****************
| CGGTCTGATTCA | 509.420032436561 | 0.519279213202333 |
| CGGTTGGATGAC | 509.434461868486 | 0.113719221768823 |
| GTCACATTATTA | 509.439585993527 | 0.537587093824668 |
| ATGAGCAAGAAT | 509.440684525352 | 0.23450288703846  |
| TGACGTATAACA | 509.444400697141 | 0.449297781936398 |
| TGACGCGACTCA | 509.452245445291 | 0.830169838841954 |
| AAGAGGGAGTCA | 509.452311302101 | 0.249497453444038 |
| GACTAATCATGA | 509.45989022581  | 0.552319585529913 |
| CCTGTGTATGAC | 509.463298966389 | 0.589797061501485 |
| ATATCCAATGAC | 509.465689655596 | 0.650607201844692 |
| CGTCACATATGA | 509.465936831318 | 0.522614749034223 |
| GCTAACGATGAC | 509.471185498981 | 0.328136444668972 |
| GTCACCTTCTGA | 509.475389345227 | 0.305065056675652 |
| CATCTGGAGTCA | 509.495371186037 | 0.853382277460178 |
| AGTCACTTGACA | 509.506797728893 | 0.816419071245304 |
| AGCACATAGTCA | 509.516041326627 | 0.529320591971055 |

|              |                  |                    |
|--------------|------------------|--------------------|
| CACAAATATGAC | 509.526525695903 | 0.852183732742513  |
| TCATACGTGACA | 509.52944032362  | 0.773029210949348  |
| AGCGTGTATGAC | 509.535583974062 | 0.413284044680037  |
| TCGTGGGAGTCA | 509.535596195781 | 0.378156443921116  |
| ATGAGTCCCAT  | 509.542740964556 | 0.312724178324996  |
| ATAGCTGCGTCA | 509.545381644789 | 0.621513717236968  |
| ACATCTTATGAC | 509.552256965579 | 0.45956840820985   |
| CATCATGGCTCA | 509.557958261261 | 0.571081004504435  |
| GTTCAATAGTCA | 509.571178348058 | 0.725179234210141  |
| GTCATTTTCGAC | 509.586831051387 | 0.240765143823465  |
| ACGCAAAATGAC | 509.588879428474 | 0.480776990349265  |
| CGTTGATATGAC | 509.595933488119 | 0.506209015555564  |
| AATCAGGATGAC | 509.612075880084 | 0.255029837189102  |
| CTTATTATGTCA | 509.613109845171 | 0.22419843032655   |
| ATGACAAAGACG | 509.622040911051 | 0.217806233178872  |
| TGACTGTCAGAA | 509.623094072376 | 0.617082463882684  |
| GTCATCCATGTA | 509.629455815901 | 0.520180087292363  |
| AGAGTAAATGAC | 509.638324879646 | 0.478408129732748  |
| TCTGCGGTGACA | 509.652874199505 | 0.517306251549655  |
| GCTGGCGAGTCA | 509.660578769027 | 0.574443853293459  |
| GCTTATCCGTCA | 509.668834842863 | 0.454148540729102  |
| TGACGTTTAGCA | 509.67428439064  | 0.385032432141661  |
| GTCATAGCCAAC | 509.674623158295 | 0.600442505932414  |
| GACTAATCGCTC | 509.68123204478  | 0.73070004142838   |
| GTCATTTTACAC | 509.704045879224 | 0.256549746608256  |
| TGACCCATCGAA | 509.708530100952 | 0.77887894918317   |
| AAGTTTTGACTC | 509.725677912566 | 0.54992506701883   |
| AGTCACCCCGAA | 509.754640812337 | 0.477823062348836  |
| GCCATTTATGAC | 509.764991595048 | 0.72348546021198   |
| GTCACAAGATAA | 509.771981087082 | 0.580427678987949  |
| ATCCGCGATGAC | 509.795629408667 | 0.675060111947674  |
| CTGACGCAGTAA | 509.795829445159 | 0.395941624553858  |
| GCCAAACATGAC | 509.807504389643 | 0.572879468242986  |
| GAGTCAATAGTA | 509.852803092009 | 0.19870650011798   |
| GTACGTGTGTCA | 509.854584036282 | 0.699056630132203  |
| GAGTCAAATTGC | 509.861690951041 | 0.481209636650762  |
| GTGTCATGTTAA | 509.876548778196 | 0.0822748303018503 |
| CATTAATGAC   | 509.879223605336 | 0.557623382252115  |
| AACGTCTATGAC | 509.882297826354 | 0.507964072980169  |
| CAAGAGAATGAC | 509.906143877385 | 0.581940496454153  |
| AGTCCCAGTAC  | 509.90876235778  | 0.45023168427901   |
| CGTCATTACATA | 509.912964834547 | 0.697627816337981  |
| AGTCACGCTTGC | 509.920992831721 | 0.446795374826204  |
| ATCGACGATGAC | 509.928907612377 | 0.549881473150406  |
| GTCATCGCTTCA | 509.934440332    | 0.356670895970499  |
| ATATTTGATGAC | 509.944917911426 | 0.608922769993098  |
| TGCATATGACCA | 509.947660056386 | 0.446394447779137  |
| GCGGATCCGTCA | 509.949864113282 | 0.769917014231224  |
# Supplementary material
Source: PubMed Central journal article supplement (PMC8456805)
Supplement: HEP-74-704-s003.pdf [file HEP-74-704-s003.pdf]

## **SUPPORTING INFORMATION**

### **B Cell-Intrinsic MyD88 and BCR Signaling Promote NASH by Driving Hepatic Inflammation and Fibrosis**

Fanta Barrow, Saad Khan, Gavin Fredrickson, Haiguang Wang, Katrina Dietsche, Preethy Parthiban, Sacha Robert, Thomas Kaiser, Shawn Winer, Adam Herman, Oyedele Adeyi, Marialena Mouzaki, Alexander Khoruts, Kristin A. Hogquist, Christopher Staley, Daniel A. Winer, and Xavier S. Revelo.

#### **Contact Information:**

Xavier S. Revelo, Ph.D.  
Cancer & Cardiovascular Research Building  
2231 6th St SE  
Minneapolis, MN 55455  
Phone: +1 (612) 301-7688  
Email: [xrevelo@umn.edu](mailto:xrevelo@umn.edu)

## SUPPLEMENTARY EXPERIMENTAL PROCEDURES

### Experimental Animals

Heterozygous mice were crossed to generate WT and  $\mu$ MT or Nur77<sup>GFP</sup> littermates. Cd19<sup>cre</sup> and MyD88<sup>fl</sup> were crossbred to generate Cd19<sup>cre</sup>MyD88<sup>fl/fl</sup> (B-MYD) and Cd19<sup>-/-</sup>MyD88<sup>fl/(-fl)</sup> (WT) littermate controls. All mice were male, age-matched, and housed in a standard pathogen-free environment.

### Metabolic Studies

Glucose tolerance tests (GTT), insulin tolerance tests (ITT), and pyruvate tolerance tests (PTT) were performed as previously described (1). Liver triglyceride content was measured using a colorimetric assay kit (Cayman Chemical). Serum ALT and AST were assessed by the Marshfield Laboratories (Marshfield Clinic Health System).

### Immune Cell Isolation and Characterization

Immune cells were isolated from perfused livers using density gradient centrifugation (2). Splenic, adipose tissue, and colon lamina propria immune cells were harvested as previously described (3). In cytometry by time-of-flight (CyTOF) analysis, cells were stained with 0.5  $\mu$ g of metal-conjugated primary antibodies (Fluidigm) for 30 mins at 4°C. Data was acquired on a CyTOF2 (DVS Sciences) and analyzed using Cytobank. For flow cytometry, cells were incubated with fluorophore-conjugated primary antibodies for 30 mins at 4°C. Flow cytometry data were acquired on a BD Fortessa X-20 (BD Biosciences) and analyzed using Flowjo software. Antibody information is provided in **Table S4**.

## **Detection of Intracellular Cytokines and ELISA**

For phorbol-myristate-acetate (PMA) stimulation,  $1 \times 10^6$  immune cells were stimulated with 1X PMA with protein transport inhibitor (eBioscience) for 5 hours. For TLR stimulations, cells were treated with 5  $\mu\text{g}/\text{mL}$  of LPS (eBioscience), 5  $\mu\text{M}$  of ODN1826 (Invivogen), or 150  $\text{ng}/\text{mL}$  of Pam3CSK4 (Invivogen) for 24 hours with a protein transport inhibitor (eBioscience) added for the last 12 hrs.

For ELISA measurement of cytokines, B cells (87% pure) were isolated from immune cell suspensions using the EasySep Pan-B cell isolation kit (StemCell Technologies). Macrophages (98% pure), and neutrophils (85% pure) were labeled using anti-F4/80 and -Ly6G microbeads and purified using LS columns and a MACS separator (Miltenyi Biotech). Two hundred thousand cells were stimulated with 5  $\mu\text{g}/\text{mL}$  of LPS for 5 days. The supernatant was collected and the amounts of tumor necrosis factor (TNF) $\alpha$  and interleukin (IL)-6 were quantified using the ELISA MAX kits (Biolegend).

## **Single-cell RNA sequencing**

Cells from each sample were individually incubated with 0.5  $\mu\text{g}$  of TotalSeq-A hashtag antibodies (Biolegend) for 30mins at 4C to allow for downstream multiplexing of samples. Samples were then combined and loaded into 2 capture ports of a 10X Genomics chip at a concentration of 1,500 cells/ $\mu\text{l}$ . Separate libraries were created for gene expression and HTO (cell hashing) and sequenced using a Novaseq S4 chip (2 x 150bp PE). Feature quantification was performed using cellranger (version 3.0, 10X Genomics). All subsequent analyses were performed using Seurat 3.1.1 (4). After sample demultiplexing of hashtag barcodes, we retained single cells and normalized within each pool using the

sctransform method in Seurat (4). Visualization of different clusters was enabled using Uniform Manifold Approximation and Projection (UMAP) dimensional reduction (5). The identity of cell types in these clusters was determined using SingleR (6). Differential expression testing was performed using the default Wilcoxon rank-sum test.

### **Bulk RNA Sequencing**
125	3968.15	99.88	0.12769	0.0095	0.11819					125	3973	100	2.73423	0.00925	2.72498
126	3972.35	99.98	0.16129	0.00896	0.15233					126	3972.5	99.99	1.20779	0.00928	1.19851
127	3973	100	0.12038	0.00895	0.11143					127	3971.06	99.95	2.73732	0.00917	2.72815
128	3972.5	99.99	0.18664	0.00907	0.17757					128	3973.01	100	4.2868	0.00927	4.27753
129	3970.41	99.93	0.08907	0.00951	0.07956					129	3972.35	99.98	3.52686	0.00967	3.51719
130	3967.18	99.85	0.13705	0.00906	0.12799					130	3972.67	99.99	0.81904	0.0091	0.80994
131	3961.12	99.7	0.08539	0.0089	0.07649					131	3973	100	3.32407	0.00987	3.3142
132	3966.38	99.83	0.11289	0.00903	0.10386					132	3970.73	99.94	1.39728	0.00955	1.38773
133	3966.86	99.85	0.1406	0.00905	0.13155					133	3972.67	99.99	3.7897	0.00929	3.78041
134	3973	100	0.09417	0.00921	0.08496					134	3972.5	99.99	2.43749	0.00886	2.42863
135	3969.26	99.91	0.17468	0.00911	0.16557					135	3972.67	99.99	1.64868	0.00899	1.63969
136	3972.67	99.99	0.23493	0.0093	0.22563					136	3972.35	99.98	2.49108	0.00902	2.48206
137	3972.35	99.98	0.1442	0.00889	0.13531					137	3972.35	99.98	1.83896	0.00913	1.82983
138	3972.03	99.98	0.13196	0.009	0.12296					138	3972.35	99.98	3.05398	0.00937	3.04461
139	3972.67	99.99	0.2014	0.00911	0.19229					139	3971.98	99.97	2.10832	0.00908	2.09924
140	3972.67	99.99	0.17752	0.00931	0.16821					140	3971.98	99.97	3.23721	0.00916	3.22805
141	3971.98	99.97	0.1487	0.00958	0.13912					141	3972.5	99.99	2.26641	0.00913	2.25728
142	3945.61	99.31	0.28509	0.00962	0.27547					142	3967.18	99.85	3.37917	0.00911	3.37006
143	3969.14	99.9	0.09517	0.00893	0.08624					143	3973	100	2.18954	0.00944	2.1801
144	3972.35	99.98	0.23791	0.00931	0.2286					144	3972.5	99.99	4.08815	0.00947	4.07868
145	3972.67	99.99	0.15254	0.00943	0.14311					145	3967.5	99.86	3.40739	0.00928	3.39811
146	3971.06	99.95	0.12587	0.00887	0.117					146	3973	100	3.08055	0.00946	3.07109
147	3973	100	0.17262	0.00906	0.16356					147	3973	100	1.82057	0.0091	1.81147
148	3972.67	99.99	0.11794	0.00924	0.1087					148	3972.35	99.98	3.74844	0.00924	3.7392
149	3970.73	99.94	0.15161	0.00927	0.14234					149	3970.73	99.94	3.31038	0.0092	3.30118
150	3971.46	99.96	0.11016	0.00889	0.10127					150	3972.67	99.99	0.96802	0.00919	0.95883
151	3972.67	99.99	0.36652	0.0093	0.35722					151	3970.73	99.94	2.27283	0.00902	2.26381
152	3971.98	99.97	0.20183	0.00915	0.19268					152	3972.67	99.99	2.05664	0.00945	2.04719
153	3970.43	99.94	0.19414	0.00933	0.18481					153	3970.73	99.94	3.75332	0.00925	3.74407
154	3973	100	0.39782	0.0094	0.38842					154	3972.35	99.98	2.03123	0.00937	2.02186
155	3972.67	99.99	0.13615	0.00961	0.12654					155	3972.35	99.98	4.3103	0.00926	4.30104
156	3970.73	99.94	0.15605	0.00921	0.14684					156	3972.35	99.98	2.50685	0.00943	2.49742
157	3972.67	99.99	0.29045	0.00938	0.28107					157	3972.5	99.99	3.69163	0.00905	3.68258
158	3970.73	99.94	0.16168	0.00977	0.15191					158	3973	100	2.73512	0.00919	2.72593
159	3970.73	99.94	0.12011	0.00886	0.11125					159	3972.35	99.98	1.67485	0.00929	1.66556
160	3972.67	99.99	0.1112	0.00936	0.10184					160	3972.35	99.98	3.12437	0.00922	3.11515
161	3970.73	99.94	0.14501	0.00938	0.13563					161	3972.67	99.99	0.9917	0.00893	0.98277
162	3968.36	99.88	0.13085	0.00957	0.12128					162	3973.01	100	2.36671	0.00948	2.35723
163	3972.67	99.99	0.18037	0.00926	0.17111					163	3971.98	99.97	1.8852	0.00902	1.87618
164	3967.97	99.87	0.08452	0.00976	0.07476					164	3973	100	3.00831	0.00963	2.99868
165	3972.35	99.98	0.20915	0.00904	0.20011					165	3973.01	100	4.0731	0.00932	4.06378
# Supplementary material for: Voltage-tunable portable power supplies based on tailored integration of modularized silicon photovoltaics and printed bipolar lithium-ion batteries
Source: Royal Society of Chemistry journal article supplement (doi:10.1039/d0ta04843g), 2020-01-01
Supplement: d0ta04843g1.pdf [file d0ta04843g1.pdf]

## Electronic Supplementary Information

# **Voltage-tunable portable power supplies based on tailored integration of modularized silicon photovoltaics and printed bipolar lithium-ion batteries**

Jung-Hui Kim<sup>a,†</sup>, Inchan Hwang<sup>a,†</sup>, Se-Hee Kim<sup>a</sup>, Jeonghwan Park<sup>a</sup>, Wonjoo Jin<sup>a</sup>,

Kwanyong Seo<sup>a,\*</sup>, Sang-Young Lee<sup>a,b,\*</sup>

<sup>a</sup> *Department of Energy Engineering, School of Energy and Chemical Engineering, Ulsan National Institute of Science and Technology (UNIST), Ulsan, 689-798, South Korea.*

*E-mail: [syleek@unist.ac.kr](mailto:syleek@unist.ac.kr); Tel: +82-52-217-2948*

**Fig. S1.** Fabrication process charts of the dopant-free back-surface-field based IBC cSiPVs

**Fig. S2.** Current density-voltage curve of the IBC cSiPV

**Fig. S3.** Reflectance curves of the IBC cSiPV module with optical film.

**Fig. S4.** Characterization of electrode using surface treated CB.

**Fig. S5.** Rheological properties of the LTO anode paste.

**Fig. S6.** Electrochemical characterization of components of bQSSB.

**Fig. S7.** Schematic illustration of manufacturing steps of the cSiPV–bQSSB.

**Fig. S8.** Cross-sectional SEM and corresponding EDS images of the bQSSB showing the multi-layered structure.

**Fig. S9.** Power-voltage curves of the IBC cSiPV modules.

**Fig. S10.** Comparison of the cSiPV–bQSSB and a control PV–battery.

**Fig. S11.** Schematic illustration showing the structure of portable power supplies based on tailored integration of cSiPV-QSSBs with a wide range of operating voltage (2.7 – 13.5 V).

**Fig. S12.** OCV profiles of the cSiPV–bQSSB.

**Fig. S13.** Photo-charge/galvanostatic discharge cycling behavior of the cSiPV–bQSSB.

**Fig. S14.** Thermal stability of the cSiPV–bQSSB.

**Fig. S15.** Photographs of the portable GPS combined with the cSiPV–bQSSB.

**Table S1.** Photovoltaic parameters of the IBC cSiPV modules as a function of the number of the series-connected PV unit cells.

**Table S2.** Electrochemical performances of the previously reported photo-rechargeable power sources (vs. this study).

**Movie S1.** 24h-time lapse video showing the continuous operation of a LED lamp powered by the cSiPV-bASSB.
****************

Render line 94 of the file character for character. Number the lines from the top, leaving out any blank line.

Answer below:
125	3968.15	99.88	0.12769	0.0095	0.11819					125	3973	100	2.73423	0.00925	2.72498